Major Andrew Scott '99 awarded the Bronze Star for "razor-sharp" reactions

Major Andrew Scott receives the Bronze Star
Major Andrew "Andy" C. Scott '99 was an Air Force Reserve Officer Training Corps instructor at the peaceful University of Georgia in Athens. His special was logistics. But the Army badly needed logistics officers, and he was scrambled to Afghanistan from June 2007 to June 2008.

Then, as often happens in combat, he had to put all that aside to save men.
Scott received the Bronze Star for his service in Afghanistan from USAF Brig. Gen. Teresa Djuric as his wife, Sarah, and sons Heath and Peyton looked on. The medal was awarded for his “exceptionally meritorious service” in Afghanistan, not for a singular act.

Trained in Air Force logistics, Scott found himself far from the fighting as a ROTC instructor at the University of Georgia in 2006. But what was supposed to be a three-year stint in Athens was truncated mere months after arriving when the U.S. Army, desperately short of logistics officers, requested he help out the Army in Afghanistan.

Prior to deployment in Afghanistan, he completed almost three months of combat skills training at Fort Riley, Kansas – a very good thing, as it turned out.

Keen insight, remarkable calm

Scott found himself serving in a much different role than he had anticipated. A summary that accompanies the medal says Scott "performed brilliantly as a Senior Battle Captain for the corps-level tactical operations center (TOC), a staff position normally reserved for a combat arms officer with the rank of major … His personal courage and commitment to the mission contributed greatly to the success of operations and the continuing development of the Afghanistan National Army and Police. His performance of duty in a combat zone reflects great credit upon himself, the command and the United States Air Force."

The narrative zeroes in on one instance in which Scott's quick thinking saved the lives of 62 Afghan soldiers and their American trainers: "Capt. Scott demonstrated keen insight and remarkable calm under pressure during Operation New Year Hail as he orchestrated close-air-support (CAS) for 62 Afghan National Army soldiers and their embedded team trainers as they were ambushed and out-flanked by anti-coalition militants (the Taliban)," the narrative says. "If not for his efforts, numerous U.S and ANA soldiers would have been killed. Instead, his razor-sharp reaction resulted in a timely scramble of close-air-support assets, culminating in zero friendly losses and 15 anti-coalition militants killed and three captured."

Scott says he enlisted in the U.S. Air Force in 1991 during the first Gulf War out of patriotism. "I thought I would stay for only a few years, but now, almost 18 years later, I'm still serving!" Scott says.

Columbia College, the key to promotion

Scott entered the Air Force as an enlisted man and spent five frigid years at Minot Air Force Base in North Dakota; then at more temperate Fort Leonard Wood, Mo., where he studied at night. He also taught Air Force personnel at one of the Army's technical schools, rose to the rank of staff sergeant, stayed married and somehow graduated with a bachelor's degree in business administration from Columbia College in 1999.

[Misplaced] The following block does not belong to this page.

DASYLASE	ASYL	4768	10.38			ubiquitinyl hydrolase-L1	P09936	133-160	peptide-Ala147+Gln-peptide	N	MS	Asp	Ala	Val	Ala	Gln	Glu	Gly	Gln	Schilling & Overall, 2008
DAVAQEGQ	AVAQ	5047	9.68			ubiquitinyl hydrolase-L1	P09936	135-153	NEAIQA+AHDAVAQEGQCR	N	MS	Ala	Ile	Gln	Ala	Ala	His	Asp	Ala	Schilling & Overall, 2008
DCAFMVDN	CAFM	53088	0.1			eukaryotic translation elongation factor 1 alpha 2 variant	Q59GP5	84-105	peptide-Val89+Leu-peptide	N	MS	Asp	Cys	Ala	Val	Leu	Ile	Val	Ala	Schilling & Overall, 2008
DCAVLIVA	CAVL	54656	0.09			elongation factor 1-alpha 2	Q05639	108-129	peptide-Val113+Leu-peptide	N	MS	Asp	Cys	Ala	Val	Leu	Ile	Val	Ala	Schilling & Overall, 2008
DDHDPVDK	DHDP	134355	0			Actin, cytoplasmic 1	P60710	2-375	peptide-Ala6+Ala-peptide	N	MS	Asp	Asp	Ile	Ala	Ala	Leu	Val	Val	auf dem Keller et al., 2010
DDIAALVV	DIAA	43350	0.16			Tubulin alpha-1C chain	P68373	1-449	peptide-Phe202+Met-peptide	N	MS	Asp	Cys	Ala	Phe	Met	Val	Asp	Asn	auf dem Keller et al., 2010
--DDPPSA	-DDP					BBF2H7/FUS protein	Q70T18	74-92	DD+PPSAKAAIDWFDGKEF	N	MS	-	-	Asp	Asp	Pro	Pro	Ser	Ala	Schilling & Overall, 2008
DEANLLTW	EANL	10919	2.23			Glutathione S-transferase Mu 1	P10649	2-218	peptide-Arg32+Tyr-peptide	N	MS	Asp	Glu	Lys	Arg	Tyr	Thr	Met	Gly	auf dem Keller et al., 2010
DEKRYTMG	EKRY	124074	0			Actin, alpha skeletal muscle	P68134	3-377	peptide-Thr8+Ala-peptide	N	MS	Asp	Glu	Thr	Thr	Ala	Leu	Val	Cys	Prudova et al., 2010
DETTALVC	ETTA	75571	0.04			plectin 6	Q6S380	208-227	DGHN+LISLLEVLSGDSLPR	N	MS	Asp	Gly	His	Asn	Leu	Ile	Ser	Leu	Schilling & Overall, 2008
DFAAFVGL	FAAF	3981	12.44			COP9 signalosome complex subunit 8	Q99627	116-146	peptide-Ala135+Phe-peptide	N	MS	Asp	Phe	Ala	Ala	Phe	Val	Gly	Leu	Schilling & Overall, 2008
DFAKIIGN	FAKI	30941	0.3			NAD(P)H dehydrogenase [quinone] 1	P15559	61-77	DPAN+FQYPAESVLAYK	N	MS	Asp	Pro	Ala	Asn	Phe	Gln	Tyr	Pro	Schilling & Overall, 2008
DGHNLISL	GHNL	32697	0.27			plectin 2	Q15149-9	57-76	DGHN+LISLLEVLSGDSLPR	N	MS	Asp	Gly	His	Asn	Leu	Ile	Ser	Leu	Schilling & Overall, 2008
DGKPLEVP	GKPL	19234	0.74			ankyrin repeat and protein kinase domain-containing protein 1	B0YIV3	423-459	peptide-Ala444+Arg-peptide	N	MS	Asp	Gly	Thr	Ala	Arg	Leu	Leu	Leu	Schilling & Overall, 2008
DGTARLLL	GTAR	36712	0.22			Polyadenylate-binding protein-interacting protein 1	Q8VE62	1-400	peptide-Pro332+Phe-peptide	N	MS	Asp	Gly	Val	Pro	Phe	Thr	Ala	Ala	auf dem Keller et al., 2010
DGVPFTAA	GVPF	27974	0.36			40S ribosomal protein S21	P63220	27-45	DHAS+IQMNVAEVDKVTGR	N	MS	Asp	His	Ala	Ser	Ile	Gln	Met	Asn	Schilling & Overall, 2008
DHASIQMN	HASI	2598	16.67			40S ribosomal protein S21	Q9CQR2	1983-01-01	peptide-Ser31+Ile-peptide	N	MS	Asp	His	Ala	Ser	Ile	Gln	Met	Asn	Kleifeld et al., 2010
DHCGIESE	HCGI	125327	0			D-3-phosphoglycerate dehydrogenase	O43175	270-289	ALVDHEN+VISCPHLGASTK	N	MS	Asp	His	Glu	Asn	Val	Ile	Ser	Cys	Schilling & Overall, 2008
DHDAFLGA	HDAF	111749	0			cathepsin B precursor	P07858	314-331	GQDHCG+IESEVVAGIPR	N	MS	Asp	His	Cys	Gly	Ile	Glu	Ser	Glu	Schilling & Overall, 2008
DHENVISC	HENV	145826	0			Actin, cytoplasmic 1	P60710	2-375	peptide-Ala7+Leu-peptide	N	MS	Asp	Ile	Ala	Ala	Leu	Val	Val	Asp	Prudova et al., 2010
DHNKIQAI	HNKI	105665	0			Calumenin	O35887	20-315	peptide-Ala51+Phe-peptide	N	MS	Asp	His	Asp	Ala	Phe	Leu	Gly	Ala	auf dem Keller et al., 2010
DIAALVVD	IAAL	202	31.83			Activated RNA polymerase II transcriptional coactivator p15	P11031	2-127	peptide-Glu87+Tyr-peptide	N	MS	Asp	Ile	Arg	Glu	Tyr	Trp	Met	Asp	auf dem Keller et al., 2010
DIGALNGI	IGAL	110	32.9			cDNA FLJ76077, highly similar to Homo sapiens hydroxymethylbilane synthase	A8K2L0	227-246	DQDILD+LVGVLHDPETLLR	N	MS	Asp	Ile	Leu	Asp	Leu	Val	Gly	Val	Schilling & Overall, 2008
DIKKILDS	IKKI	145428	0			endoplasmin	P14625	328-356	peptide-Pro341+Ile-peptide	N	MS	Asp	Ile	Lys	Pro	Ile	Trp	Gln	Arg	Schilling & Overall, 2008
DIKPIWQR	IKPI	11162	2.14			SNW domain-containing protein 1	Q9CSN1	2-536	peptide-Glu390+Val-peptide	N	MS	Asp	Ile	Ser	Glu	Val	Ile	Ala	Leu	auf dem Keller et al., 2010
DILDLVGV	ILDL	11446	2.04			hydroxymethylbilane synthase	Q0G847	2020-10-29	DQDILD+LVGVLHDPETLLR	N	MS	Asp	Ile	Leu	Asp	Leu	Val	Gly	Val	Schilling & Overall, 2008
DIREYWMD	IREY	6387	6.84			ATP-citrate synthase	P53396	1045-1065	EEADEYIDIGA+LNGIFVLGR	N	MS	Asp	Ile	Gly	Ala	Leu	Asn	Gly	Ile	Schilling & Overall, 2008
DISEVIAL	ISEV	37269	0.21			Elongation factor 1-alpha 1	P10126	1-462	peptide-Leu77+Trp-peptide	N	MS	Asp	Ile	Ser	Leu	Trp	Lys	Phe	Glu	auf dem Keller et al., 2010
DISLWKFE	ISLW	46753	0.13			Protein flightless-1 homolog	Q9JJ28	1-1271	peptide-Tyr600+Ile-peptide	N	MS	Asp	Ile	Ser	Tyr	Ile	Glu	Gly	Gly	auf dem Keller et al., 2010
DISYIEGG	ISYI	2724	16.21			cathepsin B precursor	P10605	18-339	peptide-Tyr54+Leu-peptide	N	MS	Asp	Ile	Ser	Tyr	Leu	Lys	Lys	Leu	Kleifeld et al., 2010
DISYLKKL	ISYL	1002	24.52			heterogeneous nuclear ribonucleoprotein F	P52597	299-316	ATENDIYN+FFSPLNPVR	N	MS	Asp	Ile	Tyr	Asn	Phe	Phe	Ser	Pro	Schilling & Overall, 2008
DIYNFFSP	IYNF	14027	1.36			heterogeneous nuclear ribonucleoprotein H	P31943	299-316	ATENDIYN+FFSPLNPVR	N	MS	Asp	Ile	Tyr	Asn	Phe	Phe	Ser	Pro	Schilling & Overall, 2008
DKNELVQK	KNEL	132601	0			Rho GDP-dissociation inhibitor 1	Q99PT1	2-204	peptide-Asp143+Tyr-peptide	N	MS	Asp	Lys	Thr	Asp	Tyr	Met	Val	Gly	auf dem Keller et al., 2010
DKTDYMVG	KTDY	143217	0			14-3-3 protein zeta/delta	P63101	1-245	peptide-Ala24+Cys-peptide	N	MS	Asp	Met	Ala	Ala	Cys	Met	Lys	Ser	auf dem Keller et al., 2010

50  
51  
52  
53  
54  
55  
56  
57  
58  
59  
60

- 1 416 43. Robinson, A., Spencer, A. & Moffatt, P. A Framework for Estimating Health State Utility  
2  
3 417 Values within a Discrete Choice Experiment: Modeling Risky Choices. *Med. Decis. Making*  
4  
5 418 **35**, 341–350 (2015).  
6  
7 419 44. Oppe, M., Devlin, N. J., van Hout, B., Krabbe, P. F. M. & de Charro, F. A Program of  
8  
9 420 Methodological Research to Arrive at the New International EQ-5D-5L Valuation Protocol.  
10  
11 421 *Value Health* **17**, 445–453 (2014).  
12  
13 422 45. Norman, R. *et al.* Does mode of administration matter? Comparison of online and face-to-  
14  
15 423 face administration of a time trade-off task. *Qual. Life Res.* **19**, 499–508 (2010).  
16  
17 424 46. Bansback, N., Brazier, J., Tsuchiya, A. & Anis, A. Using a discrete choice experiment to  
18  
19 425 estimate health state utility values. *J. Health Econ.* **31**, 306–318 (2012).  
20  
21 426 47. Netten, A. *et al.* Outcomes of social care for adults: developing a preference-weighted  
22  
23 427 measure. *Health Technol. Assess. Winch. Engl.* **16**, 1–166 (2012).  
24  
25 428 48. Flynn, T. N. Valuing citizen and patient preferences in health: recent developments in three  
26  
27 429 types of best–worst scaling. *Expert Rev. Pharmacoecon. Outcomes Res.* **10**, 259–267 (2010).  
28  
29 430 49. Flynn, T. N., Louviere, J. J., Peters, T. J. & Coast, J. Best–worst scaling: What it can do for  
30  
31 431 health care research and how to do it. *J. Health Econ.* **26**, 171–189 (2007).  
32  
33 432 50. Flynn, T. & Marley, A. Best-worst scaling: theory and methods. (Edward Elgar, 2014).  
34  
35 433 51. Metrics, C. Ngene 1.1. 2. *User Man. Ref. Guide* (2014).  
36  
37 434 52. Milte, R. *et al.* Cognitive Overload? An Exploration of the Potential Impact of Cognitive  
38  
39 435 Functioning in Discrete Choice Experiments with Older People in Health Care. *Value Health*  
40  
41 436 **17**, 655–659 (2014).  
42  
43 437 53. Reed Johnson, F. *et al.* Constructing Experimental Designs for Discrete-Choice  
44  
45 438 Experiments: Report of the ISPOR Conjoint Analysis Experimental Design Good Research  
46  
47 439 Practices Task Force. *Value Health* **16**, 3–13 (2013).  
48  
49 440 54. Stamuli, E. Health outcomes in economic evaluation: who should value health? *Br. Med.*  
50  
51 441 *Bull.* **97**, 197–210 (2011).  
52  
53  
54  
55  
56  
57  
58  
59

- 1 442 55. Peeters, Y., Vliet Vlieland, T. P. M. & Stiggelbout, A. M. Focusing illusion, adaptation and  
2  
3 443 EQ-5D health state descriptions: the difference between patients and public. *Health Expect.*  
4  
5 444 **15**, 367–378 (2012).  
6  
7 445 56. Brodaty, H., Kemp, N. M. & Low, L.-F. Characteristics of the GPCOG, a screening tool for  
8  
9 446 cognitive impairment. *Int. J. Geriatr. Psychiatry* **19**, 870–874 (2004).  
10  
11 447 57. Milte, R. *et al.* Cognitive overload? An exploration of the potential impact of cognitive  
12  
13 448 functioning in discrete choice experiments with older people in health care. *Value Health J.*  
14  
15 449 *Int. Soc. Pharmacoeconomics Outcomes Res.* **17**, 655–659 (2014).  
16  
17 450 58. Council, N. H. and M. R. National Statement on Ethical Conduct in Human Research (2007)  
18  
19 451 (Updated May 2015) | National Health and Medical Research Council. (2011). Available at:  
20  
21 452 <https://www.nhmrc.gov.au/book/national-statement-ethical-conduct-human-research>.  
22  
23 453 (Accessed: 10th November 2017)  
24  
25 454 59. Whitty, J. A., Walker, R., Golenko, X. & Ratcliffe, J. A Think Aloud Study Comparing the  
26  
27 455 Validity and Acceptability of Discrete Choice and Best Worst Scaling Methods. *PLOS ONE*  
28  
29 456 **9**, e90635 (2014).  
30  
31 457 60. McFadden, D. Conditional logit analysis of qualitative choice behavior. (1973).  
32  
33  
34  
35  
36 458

"I must have attended 10 different schools, but I graduated from Columbia College," Scott says. "Columbia’s flexible class schedule and understanding faculty and staff were pivotal in helping me realize my goal of finishing my degree."

Degree in hand, Scott applied and was accepted for admission to U.S. Air Force Officer Training School and was commissioned as a second lieutenant at the ripe old age of 28. Without the degree, Scott says he would have been unable to even apply for a commission; the Air Force requires all officers to have a bachelor's degree. Scott also says that while older than most second lieutenants at the time of commissioning, his enlisted experience has served him very well and he wouldn’t trade it for a more traditional path.

Scott says that will be promoted to major because of his meritorious service in Afghanistan and elsewhere. His current ROTC instructing assignment is expected to end in 2010, but Scott says he wouldn't be surprised if the Air Force has other plans. But that's okay: "I've still got a couple of assignments left in me!"

Portions of this article appeared as "Capt. Andrew Scott Decorated For His Afghan Service," by Bill Jones, staff writer, The Greeneville (Tenn.) Sun.


Anonymous said...

How many current students already have a bronze star for a combat deployment? Such a big deal is made about this one, why not praise the students that already have one. I already have one and a Purple Heart!!

Anonymous said...

Did he ever even leave the base? It sounds like he stayed inside listening to radios all day. Did the guys that he called Close Air Support for get any Bronze Stars? Probably not but they were the ones out doing the fighting!!!

Editor said...

We would love to praise students that already have awards, especially Purple Hearts -- but we don't know who you are and what you have done unless you write us!

Anonymous said...

Alumni and students alike should be praised for their accomplishments. Military types don't usually like to write about themselves so I encourage anyone that has a good story to write in and get it reported.